Designers like Paul Smith, a Paris Fashion Week regular, opted not to put on a digital presentation and only released images. Carrying on with his usual references to the '70s, Smith took classics and remixed and reinvented them for this collection. A master tailor of suits, Smith applied looks and techniques of that tailoring to casual shapes for everyday pieces, all with a refined edge. Not afraid of color, there are 3D floral prints on leather and woven into fabric.

For Chloé, new creative director Gabriela Hearst drew from her Uruguayan heritage.
Filippo Fior / Chloé
For Chloé, new creative director Gabriela Hearst drew from her Uruguayan heritage.

The fashion world was on the edge of its seat, waiting for the Parisian house Chloé's new creative director, Gabriela Hearst, to showcase her inaugural collection, after Natacha Ramsay-Levi announced her exit in December. The collection is rich in color and culture, filled with traces of Hearst's Uruguayan heritage and the house's signature style. Hearst also collaborated with Sheltersuit, an organization that helps the homeless by creating the "Sheltersuit x Chloe Backpack" in four distinct colors. A ceramic button and a quote from the founder of Chloe, the late Gaby Aghion, inspired Hearst's designs, "There was no luxury ready-to-wear; well-made clothes with quality fabrics and fine detailing did not exist." The designer promised the founder, "your house is in good hands," as her show premiered a hundred years to the week of Aghion's birth.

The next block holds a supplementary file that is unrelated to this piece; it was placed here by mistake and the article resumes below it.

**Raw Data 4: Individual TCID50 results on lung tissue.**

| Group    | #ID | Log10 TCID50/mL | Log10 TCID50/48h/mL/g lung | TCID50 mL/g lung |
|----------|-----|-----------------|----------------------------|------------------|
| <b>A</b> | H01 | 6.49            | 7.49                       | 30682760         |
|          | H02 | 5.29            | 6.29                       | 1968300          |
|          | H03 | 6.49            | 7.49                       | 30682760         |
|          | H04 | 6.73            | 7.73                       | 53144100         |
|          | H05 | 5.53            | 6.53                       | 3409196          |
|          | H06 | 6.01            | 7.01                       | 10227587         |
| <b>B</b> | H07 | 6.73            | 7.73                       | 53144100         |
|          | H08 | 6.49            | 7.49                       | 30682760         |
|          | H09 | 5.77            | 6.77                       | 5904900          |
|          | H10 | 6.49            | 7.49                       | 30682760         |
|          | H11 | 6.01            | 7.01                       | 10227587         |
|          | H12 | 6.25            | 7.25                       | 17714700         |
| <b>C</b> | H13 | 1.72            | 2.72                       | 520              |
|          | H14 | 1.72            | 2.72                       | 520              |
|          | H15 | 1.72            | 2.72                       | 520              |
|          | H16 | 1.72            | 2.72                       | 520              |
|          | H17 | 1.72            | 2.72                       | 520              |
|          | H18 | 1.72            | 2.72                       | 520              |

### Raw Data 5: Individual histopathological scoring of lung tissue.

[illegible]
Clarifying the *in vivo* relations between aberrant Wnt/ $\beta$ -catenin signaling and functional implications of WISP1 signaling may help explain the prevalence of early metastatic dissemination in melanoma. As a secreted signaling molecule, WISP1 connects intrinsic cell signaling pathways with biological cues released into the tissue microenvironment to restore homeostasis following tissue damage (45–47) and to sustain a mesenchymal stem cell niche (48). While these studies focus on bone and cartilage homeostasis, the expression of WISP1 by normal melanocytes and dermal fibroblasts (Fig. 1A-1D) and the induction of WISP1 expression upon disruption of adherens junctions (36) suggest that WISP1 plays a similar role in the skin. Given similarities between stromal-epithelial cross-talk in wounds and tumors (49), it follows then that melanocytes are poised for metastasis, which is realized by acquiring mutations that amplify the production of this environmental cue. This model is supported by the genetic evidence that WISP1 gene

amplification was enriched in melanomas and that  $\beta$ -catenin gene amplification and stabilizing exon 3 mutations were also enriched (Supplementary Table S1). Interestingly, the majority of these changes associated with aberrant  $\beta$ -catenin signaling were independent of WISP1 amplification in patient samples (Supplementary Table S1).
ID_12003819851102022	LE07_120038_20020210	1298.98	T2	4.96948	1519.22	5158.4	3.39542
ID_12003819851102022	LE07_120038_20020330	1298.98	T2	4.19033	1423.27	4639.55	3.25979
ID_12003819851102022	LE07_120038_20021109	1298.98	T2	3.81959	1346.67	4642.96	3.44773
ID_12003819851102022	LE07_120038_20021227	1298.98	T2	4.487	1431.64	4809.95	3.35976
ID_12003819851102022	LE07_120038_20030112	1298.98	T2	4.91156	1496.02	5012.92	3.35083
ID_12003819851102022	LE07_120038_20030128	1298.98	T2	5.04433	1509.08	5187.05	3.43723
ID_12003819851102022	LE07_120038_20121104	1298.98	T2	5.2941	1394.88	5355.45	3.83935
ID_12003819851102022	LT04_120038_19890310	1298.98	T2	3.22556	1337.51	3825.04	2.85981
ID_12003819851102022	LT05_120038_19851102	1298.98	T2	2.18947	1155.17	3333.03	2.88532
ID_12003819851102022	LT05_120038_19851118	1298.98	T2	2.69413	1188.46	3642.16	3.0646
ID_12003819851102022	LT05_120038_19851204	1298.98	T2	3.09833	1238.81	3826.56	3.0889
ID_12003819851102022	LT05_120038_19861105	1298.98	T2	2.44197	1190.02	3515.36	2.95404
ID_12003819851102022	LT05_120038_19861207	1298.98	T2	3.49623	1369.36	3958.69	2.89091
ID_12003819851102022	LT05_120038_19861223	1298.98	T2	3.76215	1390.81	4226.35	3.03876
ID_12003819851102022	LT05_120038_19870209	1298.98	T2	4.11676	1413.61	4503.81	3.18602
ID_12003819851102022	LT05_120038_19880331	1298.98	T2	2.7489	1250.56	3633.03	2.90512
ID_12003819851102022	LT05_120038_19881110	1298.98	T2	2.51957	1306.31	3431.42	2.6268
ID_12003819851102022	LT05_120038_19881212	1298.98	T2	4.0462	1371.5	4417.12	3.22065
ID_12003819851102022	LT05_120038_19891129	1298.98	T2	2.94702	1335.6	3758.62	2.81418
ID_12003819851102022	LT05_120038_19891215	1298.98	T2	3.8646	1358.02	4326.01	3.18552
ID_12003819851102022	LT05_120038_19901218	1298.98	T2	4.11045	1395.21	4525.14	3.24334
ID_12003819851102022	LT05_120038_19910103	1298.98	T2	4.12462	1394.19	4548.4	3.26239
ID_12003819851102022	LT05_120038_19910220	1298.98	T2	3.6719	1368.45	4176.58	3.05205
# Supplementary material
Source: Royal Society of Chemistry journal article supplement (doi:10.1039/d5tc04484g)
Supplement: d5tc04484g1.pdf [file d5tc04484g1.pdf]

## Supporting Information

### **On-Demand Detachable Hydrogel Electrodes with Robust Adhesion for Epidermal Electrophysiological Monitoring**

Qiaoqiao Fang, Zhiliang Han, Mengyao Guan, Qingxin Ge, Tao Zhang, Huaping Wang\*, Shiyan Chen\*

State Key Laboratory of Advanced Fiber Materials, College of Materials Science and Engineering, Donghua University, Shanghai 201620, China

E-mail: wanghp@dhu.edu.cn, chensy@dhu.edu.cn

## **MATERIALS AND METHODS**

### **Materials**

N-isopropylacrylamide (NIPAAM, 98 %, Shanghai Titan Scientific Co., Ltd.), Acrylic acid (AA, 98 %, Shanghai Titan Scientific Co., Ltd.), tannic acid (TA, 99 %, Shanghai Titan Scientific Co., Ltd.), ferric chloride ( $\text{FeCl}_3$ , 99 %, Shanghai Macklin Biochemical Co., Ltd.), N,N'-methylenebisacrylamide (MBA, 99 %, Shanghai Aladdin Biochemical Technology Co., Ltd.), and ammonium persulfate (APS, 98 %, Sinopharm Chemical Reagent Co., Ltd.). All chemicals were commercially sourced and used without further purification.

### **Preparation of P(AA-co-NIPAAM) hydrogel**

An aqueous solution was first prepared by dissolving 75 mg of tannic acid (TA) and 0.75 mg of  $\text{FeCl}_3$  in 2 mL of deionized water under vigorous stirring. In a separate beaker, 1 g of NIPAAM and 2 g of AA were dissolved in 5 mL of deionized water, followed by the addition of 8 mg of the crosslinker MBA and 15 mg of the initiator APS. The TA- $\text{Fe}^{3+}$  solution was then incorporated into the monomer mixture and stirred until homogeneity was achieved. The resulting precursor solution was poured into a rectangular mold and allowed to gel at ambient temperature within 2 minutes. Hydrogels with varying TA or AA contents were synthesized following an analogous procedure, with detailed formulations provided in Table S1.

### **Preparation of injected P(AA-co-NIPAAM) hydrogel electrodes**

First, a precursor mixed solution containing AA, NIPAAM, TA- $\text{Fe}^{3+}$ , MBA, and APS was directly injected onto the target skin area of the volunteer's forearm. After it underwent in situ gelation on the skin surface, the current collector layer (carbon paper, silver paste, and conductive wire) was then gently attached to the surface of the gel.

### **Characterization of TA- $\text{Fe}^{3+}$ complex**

French design duo for the brand Coperni, Sébastien Meyer and Arnaud Vaillant, known for their out-of-the-box fashion presentations held a live show, all COVID safe, at an arena on the outskirts of Paris, drive-in style. With a collection themed "the night," Coperni presented nightlife looks, primed for post-pandemic celebration. "We are waiting for the time when we will be out, dancing, being around people, freely," say Meyer and Vaillant. Guests stayed in their cars as models walked down two runways where the headlights were the model's bright lights.